According to Krishna Prakash, in the days following the Vichy Ironman, his sole wish was to try and improve the time he took to complete the event. At a minor level, beside the fall while cycling there had also been another mistake, this one likely fallout of his newness to the whole Ironman format. In the marathon segment which was run in loops with each loop marked by a wrist band given to the runner, he had ended up running four kilometers extra because he thought the run concluded at the place where the band was being distributed. All this required to be smoothed out and a clearer picture of performance had. So he registered for the half Ironman in Bahrain. But in the background there were other pulls and comments seeking to influence. One of it was the observation that his timing at Vichy was actually better than what some famous folks who did the Ultraman, got in their Ironman. Why not then, Ultraman next? – So went that line of reasoning. “ Somehow it came to my mind that I should attempt Ultraman,’’ Krishna Prakash said of his eventual drift towards Ultraman. As before, he wasn’t graduating gently in his goals. He was leaping. According to Wikipedia, the first Ultraman was held in Hawaii in 1983. This was followed by similar events in Canada, UK and Florida in the US. In May 2015, Australia commenced its edition of Ultraman; the first edition was staged at Noosa on Queensland’s Sunshine Coast and saw 37 participants. Krishna Prasad signed up for the May 2018 edition of Ultraman Australia. Unlike Ironman, which is over in a day, Ultraman spans three days. Each day’s activity has a cut-off time of 12 hours. On the first day, triathlete does 10 kilometers of swimming and 146 kilometers of cycling. On the second day, it is 275 kilometers of cycling. The event concludes with a double marathon; 84 kilometers of running. As with Vichy, the IPS officer’s choice of Ultraman Australia was partly driven by the fact that it coincided with school vacation in India; it meant his wife and daughter could go along.
Given he had registered for the Bahrain Half Ironman Krishna Prakash initially visualized his progression to Noosa via Bahrain. Then disaster struck. To get stronger at cycling, he had enrolled for the Deccan Cliffhanger scheduled for November 2017. It is an annual 643 kilometer cycle race from Pune to Goa. During the race, Krishna Prakash collided with his support car and crashed. Apart from cuts and bruises, he fractured three bones in his left shoulder. It was bad enough for him to be briefly hospitalized. “ I was left quite frustrated. It upset my plans. I had planned to do sea swimming near Palghar to get ready for the open water swimming due at Noosa,’’ he said. Yet again, surgery was recommended as an option. Krishna Prakash chose the normal, natural course of healing instead. December 2017 and a part of January 2018 went by without any training. Meanwhile the main sponsorship of the Mumbai Marathon had changed from Standard Chartered bank to Tata; the 2018 edition of the event was called Tata Mumbai Marathon (TMM). On January 20, 2018, his injured shoulder and arm wrapped in bandage to restrict movement, Krishna Prakash ran the TMM full marathon. He completed it in four hours, twenty six minutes. “ That gave me some confidence,’’ he said. With that, one third of prospective triathlon had stirred alive again. In March, there was a 100 kilometer cycling event in Ahmednagar. Krishna Prakash was supposed to inaugurate it. He decided to cycle the distance. Once that was done, he knew he could commence distance cycling as training for Ultraman. Regular bicycle trips from Mumbai to Pune and Nashik started. Not surprisingly, sea swimming followed. That latter bit couldn’t be ignored for the swimming at Vichy had been in a river while at Noosa, it would be the Pacific Ocean. For guide to Ultraman, he had Deepak Raj, Australia-based triathlete and coach. Sunil Menon, Hyderabad based-triathlete and coach, also offered helpful advice. Amid accident, the Bahrain Half Ironman had to be however given a miss. It was now straight from accident to Ultraman.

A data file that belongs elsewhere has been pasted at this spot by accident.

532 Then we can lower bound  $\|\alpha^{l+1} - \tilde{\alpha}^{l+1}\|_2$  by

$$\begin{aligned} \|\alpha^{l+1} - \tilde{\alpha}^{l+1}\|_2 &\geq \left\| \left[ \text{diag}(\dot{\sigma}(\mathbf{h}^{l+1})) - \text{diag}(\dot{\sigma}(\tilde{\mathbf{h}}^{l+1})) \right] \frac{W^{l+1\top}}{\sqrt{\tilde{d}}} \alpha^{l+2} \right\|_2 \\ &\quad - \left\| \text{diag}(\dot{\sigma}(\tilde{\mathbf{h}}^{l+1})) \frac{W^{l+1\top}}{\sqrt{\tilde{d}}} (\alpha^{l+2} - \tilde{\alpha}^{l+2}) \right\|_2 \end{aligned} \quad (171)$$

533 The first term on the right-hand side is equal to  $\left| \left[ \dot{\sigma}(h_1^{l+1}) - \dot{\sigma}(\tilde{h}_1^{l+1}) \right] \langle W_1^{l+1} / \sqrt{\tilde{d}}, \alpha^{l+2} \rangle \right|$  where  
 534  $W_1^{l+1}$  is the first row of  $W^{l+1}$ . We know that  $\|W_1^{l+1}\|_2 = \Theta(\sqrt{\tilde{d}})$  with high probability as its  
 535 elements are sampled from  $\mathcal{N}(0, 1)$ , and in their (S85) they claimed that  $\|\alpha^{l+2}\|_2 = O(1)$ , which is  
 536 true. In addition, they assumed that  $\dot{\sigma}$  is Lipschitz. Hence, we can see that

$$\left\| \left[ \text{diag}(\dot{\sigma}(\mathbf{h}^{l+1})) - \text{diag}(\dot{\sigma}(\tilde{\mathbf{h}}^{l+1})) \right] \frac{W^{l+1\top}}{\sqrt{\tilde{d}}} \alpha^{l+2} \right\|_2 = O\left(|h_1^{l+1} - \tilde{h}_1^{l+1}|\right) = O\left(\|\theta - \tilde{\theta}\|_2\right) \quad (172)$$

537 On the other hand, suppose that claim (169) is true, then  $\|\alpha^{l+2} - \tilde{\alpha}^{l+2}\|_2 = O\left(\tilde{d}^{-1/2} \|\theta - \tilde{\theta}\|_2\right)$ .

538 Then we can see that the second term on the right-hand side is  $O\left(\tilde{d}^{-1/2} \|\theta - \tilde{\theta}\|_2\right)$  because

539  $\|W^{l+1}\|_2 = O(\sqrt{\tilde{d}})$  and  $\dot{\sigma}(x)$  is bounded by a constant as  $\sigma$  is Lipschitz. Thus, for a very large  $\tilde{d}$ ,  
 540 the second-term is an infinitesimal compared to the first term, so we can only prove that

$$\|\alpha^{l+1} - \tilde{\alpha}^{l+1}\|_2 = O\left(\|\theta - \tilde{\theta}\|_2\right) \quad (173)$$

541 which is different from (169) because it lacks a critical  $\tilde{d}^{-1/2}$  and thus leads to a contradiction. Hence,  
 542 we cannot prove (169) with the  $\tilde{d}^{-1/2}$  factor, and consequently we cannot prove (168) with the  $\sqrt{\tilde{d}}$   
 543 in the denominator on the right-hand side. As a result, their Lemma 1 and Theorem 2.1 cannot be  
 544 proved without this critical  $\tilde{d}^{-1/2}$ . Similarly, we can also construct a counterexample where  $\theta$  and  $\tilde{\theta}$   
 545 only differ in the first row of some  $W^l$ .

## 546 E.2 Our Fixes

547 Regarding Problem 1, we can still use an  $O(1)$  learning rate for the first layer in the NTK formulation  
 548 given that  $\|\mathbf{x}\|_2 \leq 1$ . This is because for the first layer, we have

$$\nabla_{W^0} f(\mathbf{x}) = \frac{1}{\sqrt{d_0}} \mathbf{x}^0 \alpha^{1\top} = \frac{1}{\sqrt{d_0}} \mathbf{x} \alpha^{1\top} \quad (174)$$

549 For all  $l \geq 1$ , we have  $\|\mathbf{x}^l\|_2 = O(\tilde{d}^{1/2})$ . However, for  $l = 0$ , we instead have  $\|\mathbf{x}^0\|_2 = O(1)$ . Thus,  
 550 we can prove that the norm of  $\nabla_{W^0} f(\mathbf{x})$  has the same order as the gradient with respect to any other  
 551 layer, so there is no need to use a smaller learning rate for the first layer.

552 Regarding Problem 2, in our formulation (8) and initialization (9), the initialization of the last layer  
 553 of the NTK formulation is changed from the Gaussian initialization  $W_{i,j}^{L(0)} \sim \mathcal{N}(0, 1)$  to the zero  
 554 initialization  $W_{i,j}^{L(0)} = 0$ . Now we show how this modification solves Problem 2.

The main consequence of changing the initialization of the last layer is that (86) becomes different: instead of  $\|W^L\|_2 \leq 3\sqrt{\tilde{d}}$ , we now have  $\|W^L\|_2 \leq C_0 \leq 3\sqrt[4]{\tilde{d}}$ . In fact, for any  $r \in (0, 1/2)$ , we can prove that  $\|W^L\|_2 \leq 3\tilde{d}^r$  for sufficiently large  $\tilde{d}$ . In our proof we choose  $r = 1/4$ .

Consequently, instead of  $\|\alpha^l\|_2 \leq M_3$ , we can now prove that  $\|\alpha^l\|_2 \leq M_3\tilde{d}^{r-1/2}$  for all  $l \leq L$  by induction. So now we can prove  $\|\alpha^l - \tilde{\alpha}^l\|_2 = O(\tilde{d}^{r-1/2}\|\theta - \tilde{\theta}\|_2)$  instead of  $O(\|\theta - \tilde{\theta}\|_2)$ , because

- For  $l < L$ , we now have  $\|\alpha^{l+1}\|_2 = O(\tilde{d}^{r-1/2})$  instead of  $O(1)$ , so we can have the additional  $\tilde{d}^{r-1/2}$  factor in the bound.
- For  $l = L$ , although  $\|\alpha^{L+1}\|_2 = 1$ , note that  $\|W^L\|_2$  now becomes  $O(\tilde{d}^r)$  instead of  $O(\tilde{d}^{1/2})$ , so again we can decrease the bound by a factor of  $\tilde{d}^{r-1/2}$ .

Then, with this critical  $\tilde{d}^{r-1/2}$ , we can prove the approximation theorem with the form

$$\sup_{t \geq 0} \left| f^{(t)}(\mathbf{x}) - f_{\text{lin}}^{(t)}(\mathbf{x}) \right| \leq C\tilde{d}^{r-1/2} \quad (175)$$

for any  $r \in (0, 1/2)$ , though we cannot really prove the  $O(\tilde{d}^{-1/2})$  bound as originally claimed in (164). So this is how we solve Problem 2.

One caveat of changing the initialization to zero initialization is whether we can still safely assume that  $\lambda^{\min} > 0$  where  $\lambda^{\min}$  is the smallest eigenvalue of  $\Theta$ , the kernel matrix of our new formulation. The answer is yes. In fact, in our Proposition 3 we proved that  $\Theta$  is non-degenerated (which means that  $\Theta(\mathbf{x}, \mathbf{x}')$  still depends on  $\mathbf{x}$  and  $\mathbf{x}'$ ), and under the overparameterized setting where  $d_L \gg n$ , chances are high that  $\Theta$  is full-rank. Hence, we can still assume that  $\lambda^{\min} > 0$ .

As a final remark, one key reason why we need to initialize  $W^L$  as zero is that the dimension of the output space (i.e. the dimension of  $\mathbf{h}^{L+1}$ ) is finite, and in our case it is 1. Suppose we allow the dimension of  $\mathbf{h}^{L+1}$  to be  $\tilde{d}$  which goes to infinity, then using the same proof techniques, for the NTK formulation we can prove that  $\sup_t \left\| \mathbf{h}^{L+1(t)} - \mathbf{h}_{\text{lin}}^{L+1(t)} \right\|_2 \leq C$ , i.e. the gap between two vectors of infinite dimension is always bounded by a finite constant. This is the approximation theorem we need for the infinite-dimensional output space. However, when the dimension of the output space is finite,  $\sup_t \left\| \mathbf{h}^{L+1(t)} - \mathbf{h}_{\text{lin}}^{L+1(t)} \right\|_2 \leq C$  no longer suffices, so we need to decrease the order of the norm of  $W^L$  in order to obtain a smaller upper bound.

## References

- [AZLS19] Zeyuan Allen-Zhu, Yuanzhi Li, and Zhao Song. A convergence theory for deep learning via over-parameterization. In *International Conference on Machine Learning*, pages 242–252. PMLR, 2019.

For Krishna Prakash, the three days of May chasing Ultraman in Noosa, were challenging. The quantum of activity each day was sizable and draining and it had to be repeated back to back. But he persevered. He finished the 10 kilometer-swim in four hours, fifty four minutes. The full component of 421 kilometers cycling – first day’s 146 kilometers and second day’s 275 kilometers, combined – was done in 18 hours, seven minutes. He wrapped up the double marathon in 11 hours, 20 minutes; Shaurya ran the last two kilometers with him encouraging him on. In total, he took 34 hours, 21 minutes to complete Ultraman Australia. According to the event’s website, he placed 43 on the finishers’ list. Vichy’s shadow made its presence felt down under too. Krishna Prakash chose to leave his trusted Fuji behind in Mumbai and use a borrowed time trial bike in Noosa. In retrospect, that was a bad decision. The bike fit was far from perfect; the aerobars were short for his arms and although he adjusted the seat as best as he could, he found himself bunched up. Further, the cycle’s brakes decided to play spoil sport; they ran tad lose. Result – on a portion of road close to the city, he swerved to avoid a vehicle and crashed into a wooden fence. His left shin was cut and it swelled up. The area around his right toe also swelled up. The remaining part of the bike ride was therefore cautiously executed. Worse, the injured legs affected his performance in the double marathon. We asked him if he had fully recovered from the fracture to his shoulder before he left for Australia. “ Yes. After all I was swimming,’’ Krishna Prakash said. Then he moved his left shoulder as though to be surer. “ There is some stiffness still, you know,’’ he said smiling. On plans ahead, he preferred to stay quiet, except for a general resolve mentioned to attempt more triathlons.
(The authors, Latha Venkatraman and Shyam G Menon, are independent journalists based in Mumbai.)